server MUST create the resource before returning the 201 status code.
   If the action cannot be carried out immediately, the server SHOULD
   respond with 202 (Accepted) response instead.

   A 201 response MAY contain an ETag response header field indicating
   the current value of the entity tag for the requested variant just
   created, see section 14.19.

Ok. Since the very nature of PUT requests is to modify entities on the server
and there could theoretically be several different versions of that one entity
(using the previously mentioned CVS analogy), the protocol allows for the
requestor (the client making the PUT request) to specify *which* of the various
entity versions it wishes to modify by including an "If-Match:",
"If-None-Match:" or "If-Unmodified-Since:" header in its request (At least
that's my reading of it. Do you concur?), and your response should (may) include
an "ETag:" header, indicating which entity was actually created/updated:

14.19 ETag

   The ETag response-header field provides the current value of the
   entity tag for the requested variant.

Or, you can simply include a "Last-Modified:" header in your response from the
sounds of it:

14.29 Last-Modified

   The Last-Modified entity-header field indicates the date and time at
   which the origin server believes the variant was last modified.

As I said earlier, it all depends on who you're talking to (i.e. the client) and
what they (the client) expect their response to look like. <shrug>

14.26 If-None-Match


   The meaning of "If-None-Match: *" is that the method MUST NOT be
   performed if the representation selected by the origin server (or by
   a cache, possibly using the Vary mechanism, see section 14.44)
   exists, and SHOULD be performed if the representation does not exist.
   This feature is intended to be useful in preventing races between PUT

Ok. That sounds simple enough. If the client making the request believe it's
*creating* a new entity, it should include an "If-None-Match: *" header, meaning
its requests should be interpreted as meaning "only PUT this entity if it does
NOT already exist". If it does (or of any of the other request conditions cannot
be honored (i.e. "If-Match:" and "If-Unmodified-Since"), then the response
should of course be "412 Precondition Failed":

10.4.13 412 Precondition Failed

   The precondition given in one or more of the request-header fields
   evaluated to false when it was tested on the server. This response
   code allows the client to place preconditions on the current resource
   metainformation (header field data) and thus prevent the requested
   method from being applied to a resource other than the one intended.

The only thing left is "409 Conflict":

10.4.10 409 Conflict

   The request could not be completed due to a conflict with the current
   state of the resource. This code is only allowed in situations where
   it is expected that the user might be able to resolve the conflict
   and resubmit the request. The response body SHOULD include enough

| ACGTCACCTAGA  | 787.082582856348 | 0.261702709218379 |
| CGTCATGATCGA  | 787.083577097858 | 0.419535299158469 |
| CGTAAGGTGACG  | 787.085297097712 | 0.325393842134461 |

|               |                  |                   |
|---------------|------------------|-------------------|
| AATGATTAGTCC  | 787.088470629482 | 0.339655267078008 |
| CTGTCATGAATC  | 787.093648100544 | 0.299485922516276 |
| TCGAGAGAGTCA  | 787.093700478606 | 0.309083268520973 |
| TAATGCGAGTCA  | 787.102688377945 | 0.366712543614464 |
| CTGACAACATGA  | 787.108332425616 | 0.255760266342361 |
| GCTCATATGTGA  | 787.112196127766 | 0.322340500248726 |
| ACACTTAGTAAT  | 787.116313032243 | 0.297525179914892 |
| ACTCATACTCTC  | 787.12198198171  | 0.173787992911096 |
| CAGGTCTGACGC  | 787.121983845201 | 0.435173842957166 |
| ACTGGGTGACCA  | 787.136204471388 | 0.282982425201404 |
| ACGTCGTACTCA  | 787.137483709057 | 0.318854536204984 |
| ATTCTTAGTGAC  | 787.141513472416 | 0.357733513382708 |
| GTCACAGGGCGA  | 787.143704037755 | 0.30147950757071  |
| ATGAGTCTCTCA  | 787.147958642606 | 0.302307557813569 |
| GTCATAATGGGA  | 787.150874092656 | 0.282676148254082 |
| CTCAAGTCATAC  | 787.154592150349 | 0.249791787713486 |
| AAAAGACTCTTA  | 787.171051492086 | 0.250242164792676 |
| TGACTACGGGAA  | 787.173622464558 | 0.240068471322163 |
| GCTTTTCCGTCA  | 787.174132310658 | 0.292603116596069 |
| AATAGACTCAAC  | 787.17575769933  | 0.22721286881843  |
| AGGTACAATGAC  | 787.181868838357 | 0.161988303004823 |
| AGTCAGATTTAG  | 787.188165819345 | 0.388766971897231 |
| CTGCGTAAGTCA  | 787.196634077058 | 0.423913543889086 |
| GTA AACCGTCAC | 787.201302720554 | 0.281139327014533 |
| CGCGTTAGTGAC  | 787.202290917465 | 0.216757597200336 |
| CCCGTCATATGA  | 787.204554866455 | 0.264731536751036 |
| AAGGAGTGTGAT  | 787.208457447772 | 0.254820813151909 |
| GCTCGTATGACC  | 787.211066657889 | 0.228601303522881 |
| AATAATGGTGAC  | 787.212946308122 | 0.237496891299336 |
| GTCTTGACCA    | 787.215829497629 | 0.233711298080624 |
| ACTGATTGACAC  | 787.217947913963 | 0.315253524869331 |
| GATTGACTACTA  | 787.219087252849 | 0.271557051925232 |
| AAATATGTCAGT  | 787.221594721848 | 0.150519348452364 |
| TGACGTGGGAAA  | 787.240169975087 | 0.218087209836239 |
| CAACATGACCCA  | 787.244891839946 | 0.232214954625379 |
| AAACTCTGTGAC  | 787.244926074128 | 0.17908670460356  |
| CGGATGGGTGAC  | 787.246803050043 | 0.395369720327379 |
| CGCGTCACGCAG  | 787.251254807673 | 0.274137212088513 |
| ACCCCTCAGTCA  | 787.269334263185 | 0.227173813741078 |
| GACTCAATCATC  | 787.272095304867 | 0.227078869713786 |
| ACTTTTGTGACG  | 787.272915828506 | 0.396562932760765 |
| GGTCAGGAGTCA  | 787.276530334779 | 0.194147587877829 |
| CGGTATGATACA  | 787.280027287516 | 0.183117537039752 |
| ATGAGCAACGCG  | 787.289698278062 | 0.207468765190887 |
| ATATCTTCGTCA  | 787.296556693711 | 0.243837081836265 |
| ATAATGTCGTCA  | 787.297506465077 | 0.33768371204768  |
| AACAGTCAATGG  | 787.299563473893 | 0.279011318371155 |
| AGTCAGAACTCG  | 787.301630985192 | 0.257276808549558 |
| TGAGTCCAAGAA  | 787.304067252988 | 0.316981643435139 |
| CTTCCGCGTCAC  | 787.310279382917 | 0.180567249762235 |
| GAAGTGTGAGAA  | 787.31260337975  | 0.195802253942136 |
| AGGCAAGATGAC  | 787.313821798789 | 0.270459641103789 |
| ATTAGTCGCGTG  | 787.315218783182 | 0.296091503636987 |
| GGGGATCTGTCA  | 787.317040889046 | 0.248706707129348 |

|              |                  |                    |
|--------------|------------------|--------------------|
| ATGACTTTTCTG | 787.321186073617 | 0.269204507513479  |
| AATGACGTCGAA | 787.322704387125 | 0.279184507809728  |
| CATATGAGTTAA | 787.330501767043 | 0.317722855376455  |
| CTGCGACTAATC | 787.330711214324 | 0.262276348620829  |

information for the user to recognize the source of the conflict.
   Ideally, the response entity would include enough information for the
   user or user agent to fix the problem; however, that might not be
   possible and is not required.

   Conflicts are most likely to occur in response to a PUT request. For
   example, if versioning were being used and the entity being PUT
   included changes to a resource which conflict with those made by an
   earlier (third-party) request, the server might use the 409 response
   to indicate that it can't complete the request. In this case, the
   response entity would likely contain a list of the differences
   between the two versions in a format defined by the response

This is the wording I was talking about that makes it sound like PUT/DELETE were
designed for CVS or similar client/server exchanges. If a client requests a PUT
for entity "foo.c" using a URI that specified version 1.0 for example (e.g. "PUT
/usr/cvs/project/version_1.0/foo.c HTTP/1.1") but version 1.0 is no longer the
current version (because presumably someone just uploaded a new version in the
mean time), then a "409 Conflict" response might, in this case, be appropriate
and not a "200 OK" as would normally be expected.

All in all, it sounds like there are a few headers and response body
requirements (or at least *expectations*) that accompany proper handling of PUT
(and DELETE) requests, and, as I said, it all depends on what you and the client
are doing (i.e. trying to accomplish). <shrug>

At least, that's *my* take on it.

But as I said, I'm certainly no expert in this. I'm just going by what I'm
reading in the RFC.

> What I'd love is just simple traces of a 200 response, an error response,
> and even a 201 response would be nice.

I agree. That would certainly help. Unfortunately I don't have any. :(

Maybe your client was expecting an "ETag:" header in the response? I don't know.
Perhaps you could include the exact text of the request sent to you and the
response you sent back. Maybe that would help shed some might on what's going

> Thanks for your help,
> --
> [ Aaron Swartz | me@aaronsw.com | http://www.aaronsw.com ]

You're very welcome, Aaron. I only hope that I indeed *did* help some. I don't
know. Did I? Or did I just confuse you further? %P


"Fish" (David B. Trout)
Received on Tuesday, 27 March 2001 21:54:06 GMT